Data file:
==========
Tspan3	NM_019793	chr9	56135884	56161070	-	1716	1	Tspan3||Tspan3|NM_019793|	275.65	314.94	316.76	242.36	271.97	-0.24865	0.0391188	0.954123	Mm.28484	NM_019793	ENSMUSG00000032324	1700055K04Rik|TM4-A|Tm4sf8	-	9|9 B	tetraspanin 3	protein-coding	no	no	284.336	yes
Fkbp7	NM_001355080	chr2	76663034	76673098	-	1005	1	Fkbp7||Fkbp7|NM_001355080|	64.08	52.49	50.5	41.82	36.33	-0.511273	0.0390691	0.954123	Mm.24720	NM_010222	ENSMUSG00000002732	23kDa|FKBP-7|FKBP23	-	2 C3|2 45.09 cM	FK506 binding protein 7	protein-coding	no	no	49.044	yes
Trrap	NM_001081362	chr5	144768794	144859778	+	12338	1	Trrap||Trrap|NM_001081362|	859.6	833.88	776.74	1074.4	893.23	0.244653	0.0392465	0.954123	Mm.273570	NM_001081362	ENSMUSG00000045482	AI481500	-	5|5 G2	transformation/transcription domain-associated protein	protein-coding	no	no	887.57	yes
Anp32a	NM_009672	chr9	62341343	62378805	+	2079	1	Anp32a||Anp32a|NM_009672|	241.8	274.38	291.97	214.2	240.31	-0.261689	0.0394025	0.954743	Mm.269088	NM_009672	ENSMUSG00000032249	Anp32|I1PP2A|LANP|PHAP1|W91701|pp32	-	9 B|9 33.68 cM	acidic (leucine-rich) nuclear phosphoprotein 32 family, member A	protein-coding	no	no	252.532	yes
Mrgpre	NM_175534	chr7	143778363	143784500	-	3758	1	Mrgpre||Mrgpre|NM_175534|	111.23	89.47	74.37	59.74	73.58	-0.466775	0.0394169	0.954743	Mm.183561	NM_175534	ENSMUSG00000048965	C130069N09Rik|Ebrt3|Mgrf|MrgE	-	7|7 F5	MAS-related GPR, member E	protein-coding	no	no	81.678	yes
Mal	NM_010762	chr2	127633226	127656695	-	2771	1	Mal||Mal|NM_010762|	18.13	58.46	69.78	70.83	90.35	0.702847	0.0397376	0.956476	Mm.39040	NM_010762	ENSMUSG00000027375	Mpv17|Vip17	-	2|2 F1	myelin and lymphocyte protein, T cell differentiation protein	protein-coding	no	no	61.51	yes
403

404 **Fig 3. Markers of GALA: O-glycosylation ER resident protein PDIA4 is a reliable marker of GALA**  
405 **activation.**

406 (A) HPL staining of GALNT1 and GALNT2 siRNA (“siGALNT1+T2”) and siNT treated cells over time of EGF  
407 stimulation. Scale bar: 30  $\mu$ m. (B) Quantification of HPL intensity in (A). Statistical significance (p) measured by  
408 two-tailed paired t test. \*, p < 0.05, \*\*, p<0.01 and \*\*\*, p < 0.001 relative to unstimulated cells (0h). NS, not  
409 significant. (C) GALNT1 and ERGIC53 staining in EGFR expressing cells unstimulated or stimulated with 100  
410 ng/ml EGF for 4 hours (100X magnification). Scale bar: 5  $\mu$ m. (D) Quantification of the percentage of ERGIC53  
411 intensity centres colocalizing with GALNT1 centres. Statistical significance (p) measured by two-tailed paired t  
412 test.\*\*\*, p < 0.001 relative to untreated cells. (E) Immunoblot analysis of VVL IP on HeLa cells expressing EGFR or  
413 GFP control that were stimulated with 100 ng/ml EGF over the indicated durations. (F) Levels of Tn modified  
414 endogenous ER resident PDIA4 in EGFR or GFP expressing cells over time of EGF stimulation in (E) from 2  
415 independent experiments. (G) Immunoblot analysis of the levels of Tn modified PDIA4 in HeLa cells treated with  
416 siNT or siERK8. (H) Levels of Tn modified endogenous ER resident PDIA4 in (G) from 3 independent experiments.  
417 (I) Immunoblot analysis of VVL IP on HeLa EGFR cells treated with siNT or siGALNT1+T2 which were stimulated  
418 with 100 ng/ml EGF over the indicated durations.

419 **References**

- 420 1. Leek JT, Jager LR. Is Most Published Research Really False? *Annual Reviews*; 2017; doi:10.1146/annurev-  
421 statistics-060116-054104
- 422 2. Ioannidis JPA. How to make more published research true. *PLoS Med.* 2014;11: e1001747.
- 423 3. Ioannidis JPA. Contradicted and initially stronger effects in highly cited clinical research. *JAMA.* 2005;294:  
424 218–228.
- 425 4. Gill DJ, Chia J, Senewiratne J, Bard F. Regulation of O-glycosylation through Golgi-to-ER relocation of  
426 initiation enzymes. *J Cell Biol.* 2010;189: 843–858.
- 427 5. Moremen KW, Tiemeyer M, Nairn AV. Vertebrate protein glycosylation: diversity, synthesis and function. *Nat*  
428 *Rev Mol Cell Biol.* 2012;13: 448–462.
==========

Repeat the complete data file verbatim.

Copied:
Tspan3	NM_019793	chr9	56135884	56161070	-	1716	1	Tspan3||Tspan3|NM_019793|	275.65	314.94	316.76	242.36	271.97	-0.24865	0.0391188	0.954123	Mm.28484	NM_019793	ENSMUSG00000032324	1700055K04Rik|TM4-A|Tm4sf8	-	9|9 B	tetraspanin 3	protein-coding	no	no	284.336	yes
Fkbp7	NM_001355080	chr2	76663034	76673098	-	1005	1	Fkbp7||Fkbp7|NM_001355080|	64.08	52.49	50.5	41.82	36.33	-0.511273	0.0390691	0.954123	Mm.24720	NM_010222	ENSMUSG00000002732	23kDa|FKBP-7|FKBP23	-	2 C3|2 45.09 cM	FK506 binding protein 7	protein-coding	no	no	49.044	yes
Trrap	NM_001081362	chr5	144768794	144859778	+	12338	1	Trrap||Trrap|NM_001081362|	859.6	833.88	776.74	1074.4	893.23	0.244653	0.0392465	0.954123	Mm.273570	NM_001081362	ENSMUSG00000045482	AI481500	-	5|5 G2	transformation/transcription domain-associated protein	protein-coding	no	no	887.57	yes
Anp32a	NM_009672	chr9	62341343	62378805	+	2079	1	Anp32a||Anp32a|NM_009672|	241.8	274.38	291.97	214.2	240.31	-0.261689	0.0394025	0.954743	Mm.269088	NM_009672	ENSMUSG00000032249	Anp32|I1PP2A|LANP|PHAP1|W91701|pp32	-	9 B|9 33.68 cM	acidic (leucine-rich) nuclear phosphoprotein 32 family, member A	protein-coding	no	no	252.532	yes
Mrgpre	NM_175534	chr7	143778363	143784500	-	3758	1	Mrgpre||Mrgpre|NM_175534|	111.23	89.47	74.37	59.74	73.58	-0.466775	0.0394169	0.954743	Mm.183561	NM_175534	ENSMUSG00000048965	C130069N09Rik|Ebrt3|Mgrf|MrgE	-	7|7 F5	MAS-related GPR, member E	protein-coding	no	no	81.678	yes
Mal	NM_010762	chr2	127633226	127656695	-	2771	1	Mal||Mal|NM_010762|	18.13	58.46	69.78	70.83	90.35	0.702847	0.0397376	0.956476	Mm.39040	NM_010762	ENSMUSG00000027375	Mpv17|Vip17	-	2|2 F1	myelin and lymphocyte protein, T cell differentiation protein	protein-coding	no	no	61.51	yes
403

404 **Fig 3. Markers of GALA: O-glycosylation ER resident protein PDIA4 is a reliable marker of GALA**  
405 **activation.**

406 (A) HPL staining of GALNT1 and GALNT2 siRNA (“siGALNT1+T2”) and siNT treated cells over time of EGF  
407 stimulation. Scale bar: 30  $\mu$ m. (B) Quantification of HPL intensity in (A). Statistical significance (p) measured by  
408 two-tailed paired t test. \*, p < 0.05, \*\*, p<0.01 and \*\*\*, p < 0.001 relative to unstimulated cells (0h). NS, not  
409 significant. (C) GALNT1 and ERGIC53 staining in EGFR expressing cells unstimulated or stimulated with 100  
410 ng/ml EGF for 4 hours (100X magnification). Scale bar: 5  $\mu$ m. (D) Quantification of the percentage of ERGIC53  
411 intensity centres colocalizing with GALNT1 centres. Statistical significance (p) measured by two-tailed paired t  
412 test.\*\*\*, p < 0.001 relative to untreated cells. (E) Immunoblot analysis of VVL IP on HeLa cells expressing EGFR or  
413 GFP control that were stimulated with 100 ng/ml EGF over the indicated durations. (F) Levels of Tn modified  
414 endogenous ER resident PDIA4 in EGFR or GFP expressing cells over time of EGF stimulation in (E) from 2  
415 independent experiments. (G) Immunoblot analysis of the levels of Tn modified PDIA4 in HeLa cells treated with  
416 siNT or siERK8. (H) Levels of Tn modified endogenous ER resident PDIA4 in (G) from 3 independent experiments.  
417 (I) Immunoblot analysis of VVL IP on HeLa EGFR cells treated with siNT or siGALNT1+T2 which were stimulated  
418 with 100 ng/ml EGF over the indicated durations.

419 **References**

- 420 1. Leek JT, Jager LR. Is Most Published Research Really False? *Annual Reviews*; 2017; doi:10.1146/annurev-  
421 statistics-060116-054104
- 422 2. Ioannidis JPA. How to make more published research true. *PLoS Med.* 2014;11: e1001747.
- 423 3. Ioannidis JPA. Contradicted and initially stronger effects in highly cited clinical research. *JAMA.* 2005;294:  
424 218–228.
- 425 4. Gill DJ, Chia J, Senewiratne J, Bard F. Regulation of O-glycosylation through Golgi-to-ER relocation of  
426 initiation enzymes. *J Cell Biol.* 2010;189: 843–858.
- 427 5. Moremen KW, Tiemeyer M, Nairn AV. Vertebrate protein glycosylation: diversity, synthesis and function. *Nat*  
428 *Rev Mol Cell Biol.* 2012;13: 448–462.